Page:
Future of retirement: What HR needs to know

Future of retirement: What HR needs to know

Future of retirement: What HR needs to know As HR professionals prepare their organizations for the departure of baby boomers, and an influx of millennials and Gen Z, it’s important they’re also ensuring staff are prepared for retirement.

Many employees are ill-prepared for life after work – especially when it comes to saving. A Canadian Payroll Association survey earlier this month revealing that 47 percent of workers aged 50 and over are less than a quarter of the way to their retirement savings goal.

Mercer Canada’s new wealth team principal Dominique Savard is an expert in this area, with more than 13 years of experience in group savings and retirement across major national insurance carriers.

He spoke to HRD Canada about what organizations need to do to prepare their workers for retirement.

Where should employers be focusing their energies, or what do they need to start doing differently, in the next two, five and 10 years?
Increasing employee engagement in planning for their retirement should be a key priority as DB (defined benefits) plans are increasingly being replaced with DC (defined contributions) plans. Many employers could benefit from being supported with their communication strategies regarding their pension plan. In many cases, employees simply don’t understand the value of their rewards. It’s not that unusual to see a low employee participation rate even in an employer contributory plan. In fact, even the enrolled employees can end up being ill-prepared for retirement if they are not engaged in the plan and properly explained what steps they should go through to achieve their retirement goals.

A well-developed communication approach targeting some known issues: (ex.: not being properly invested, not knowing how much money they will need) is one of the best ways to help member take action and reduce the number of older employees who cannot afford to retire (which would create workforce management challenges). Plan design will also be an important area of focus in order to adapt to the changing needs of the new generation (more on this below).

As 65 is increasingly seen as an arbitrary age for retirement, what can employers do to plan for an older workforce – or a workforce that retires earlier to begin their second career?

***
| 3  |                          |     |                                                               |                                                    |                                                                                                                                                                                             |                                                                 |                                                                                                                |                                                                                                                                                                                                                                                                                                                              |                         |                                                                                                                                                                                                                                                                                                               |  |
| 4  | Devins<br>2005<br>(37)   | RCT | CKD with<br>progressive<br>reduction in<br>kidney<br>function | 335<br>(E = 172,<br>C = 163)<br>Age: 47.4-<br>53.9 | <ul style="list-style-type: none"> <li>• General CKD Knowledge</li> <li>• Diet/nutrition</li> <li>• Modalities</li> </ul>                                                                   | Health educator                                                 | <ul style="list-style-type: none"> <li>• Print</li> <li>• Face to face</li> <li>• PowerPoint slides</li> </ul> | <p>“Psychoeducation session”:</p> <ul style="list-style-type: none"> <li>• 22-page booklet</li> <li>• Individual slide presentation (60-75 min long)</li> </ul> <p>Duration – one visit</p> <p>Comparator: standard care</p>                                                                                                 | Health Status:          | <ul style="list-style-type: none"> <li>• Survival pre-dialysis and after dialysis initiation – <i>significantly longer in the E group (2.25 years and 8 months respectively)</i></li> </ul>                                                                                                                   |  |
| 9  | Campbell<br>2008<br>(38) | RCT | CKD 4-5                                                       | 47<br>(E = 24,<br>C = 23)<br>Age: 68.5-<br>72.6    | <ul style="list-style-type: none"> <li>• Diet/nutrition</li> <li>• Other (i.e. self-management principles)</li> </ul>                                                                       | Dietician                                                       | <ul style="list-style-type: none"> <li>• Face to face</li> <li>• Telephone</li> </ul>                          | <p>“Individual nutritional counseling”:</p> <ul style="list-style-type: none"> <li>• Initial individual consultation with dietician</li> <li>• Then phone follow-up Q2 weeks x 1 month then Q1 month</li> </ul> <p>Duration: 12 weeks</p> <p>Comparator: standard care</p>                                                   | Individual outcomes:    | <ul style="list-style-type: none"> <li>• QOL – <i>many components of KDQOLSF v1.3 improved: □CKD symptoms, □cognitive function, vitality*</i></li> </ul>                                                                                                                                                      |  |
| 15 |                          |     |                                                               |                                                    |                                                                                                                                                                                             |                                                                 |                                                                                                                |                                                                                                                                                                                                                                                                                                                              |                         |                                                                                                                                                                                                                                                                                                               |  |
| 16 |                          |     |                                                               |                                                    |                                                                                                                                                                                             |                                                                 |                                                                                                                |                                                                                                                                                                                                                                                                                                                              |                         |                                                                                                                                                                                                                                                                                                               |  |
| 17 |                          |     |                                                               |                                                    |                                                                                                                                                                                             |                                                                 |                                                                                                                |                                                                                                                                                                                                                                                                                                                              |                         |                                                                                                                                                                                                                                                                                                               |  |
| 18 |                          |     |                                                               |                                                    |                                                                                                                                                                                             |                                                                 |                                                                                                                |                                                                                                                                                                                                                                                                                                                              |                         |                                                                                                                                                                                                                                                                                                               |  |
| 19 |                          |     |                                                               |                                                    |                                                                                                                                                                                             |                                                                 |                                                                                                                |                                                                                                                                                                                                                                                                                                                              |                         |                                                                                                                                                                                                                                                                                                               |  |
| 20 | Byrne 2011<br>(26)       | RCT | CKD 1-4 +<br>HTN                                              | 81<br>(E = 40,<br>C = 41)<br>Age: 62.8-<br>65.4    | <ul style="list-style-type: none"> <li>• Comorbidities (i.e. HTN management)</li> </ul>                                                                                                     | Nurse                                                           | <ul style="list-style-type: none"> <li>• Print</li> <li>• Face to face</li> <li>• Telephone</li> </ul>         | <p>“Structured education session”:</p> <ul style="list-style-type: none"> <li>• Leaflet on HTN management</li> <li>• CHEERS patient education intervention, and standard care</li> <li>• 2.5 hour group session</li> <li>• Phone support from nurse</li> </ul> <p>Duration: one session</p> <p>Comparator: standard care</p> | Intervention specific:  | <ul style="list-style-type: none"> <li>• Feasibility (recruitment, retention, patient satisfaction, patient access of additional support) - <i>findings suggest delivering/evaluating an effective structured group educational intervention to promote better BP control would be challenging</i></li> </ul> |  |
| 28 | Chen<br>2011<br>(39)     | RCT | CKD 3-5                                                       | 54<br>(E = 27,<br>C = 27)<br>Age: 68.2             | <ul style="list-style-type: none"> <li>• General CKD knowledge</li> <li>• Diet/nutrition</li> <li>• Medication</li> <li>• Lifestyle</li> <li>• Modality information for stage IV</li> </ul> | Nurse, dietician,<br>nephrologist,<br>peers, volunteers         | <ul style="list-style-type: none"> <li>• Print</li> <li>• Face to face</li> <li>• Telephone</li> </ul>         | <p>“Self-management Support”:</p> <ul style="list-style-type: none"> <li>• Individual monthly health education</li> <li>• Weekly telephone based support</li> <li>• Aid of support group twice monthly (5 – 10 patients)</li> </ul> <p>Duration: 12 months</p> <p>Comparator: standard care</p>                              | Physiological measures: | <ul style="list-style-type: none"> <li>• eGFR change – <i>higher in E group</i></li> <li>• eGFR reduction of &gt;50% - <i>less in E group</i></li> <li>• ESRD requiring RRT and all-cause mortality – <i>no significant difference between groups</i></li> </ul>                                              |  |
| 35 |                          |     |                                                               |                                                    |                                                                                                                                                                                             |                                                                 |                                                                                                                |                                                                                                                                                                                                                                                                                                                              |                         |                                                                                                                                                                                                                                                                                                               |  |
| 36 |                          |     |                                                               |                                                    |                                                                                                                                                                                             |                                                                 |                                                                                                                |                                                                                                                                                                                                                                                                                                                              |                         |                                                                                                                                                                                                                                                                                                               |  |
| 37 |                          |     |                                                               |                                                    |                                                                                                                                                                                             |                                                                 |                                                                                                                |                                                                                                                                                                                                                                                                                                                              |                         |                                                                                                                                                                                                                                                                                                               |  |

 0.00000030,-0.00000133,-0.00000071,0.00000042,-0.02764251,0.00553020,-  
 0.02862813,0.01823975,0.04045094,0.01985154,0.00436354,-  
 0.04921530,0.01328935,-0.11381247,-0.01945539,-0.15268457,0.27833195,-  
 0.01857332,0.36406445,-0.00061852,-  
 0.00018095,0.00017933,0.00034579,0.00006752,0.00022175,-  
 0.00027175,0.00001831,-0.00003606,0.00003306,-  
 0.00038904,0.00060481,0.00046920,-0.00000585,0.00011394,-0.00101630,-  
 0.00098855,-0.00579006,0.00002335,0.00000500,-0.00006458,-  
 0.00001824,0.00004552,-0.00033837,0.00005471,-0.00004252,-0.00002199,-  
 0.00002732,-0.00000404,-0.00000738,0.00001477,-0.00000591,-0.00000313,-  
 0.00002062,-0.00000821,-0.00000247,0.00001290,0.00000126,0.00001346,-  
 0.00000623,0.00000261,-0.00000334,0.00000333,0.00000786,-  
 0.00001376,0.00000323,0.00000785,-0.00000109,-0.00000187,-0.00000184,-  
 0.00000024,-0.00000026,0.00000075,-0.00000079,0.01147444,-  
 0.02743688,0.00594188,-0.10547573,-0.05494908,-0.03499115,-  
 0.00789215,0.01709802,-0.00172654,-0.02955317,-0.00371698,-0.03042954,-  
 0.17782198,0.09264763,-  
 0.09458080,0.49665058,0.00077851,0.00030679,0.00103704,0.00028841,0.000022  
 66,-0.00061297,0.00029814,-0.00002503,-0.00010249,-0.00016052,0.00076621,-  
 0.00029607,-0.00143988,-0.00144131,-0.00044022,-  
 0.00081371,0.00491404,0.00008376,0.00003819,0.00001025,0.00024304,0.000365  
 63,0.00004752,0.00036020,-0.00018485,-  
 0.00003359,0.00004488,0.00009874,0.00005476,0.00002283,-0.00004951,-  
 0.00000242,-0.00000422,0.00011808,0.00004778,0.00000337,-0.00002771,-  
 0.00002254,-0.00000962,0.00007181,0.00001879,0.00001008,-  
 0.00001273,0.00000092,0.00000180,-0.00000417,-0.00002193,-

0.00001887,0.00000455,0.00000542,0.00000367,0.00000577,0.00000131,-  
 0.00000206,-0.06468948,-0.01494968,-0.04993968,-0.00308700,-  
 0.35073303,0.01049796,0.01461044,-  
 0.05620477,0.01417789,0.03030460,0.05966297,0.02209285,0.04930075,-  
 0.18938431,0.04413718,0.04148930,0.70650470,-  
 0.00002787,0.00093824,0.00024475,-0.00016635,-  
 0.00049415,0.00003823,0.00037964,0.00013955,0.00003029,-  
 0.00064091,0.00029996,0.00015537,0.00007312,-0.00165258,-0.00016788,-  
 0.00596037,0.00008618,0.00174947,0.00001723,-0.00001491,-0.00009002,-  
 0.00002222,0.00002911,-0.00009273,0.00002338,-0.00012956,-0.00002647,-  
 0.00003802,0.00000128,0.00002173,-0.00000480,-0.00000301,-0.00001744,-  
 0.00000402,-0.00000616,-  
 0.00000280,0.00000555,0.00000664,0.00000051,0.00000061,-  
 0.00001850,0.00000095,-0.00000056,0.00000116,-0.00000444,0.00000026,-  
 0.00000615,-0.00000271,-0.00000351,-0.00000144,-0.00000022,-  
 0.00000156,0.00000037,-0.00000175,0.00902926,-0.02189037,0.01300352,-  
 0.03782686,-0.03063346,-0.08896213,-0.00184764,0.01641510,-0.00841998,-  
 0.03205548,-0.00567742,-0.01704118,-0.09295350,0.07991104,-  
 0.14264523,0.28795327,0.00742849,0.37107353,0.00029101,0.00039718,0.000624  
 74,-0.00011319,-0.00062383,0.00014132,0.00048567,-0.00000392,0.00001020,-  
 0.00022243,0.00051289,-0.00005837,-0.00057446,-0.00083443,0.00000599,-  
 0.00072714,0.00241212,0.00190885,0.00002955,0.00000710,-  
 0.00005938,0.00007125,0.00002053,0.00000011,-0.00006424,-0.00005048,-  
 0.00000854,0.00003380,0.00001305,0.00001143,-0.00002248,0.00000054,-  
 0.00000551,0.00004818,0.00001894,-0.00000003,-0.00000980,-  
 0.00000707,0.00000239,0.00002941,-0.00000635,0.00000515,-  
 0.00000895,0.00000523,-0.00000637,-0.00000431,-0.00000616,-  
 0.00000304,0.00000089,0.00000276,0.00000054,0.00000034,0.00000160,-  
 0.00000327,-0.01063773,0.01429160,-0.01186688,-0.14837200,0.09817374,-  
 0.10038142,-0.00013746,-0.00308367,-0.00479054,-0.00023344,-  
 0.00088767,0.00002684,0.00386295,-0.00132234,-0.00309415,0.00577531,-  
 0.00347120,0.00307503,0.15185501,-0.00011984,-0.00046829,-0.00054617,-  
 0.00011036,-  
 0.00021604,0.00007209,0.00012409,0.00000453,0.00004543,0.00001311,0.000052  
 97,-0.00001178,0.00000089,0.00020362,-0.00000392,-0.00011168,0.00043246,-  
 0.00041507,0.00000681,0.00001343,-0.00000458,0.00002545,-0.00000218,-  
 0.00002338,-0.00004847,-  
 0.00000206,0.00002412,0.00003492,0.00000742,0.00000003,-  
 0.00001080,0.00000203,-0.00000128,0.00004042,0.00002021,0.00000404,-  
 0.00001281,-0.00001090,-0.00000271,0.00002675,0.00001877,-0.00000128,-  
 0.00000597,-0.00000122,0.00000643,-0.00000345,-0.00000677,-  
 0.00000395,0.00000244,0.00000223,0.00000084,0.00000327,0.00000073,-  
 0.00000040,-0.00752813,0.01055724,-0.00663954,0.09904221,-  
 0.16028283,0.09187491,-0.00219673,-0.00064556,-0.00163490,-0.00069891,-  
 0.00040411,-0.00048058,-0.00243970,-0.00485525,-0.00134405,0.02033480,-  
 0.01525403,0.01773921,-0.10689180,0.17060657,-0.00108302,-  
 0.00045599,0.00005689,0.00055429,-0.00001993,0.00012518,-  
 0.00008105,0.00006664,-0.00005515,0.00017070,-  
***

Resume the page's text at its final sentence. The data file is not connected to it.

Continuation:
The fact is that we are living longer and healthier lives but the switch from DB to DC means more employees feel less prepared for retirement. Employers have to consider adjusting their retention and recruitment practices to respond to this new and challenging demographic reality.

Employers generally understand the benefits of retaining their more experienced workers in order to keep leadership and valuable knowledge but also have to deal with the potential glut this can create in terms of promoting the younger generations (and the accompanying frustrations/turnover) and the potential impact on productivity. Flexible work arrangements, financial incentives or phased retirement programs are part of the solution.

Throughout your career, what’s changed in the group savings and retirement space, and what do you predict will be key areas in future?
Clients are now more than ever aware of their fiduciary responsibilities and are increasingly looking to reduce their governance burden. But they are often limited in terms of resources they can dedicate to meeting their obligations and overseeing their plan. As a result, we are now seeing more and more sponsors choosing to outsource some of their operational responsibilities using turnkey DB and DC delegated solutions. These solutions free up their time so they can focus on the more important strategic issues. This fairly new approach in Canada, especially on the DC side, should represent a much larger part of the market in the near future vs the traditional consulting approach.

Another important thing that employers will need to adapt to is the changing needs and desires of their workforce in terms of benefits. Younger employees want more flexibility in terms of benefits and they want to be able to better customize their coverage. Increasingly, employers will need to adapt to this reality and get creative with their benefits to attract and retain employees.


Related stories:
Should HR be teaching workers to save?
The one thing millennials and boomers both want at work


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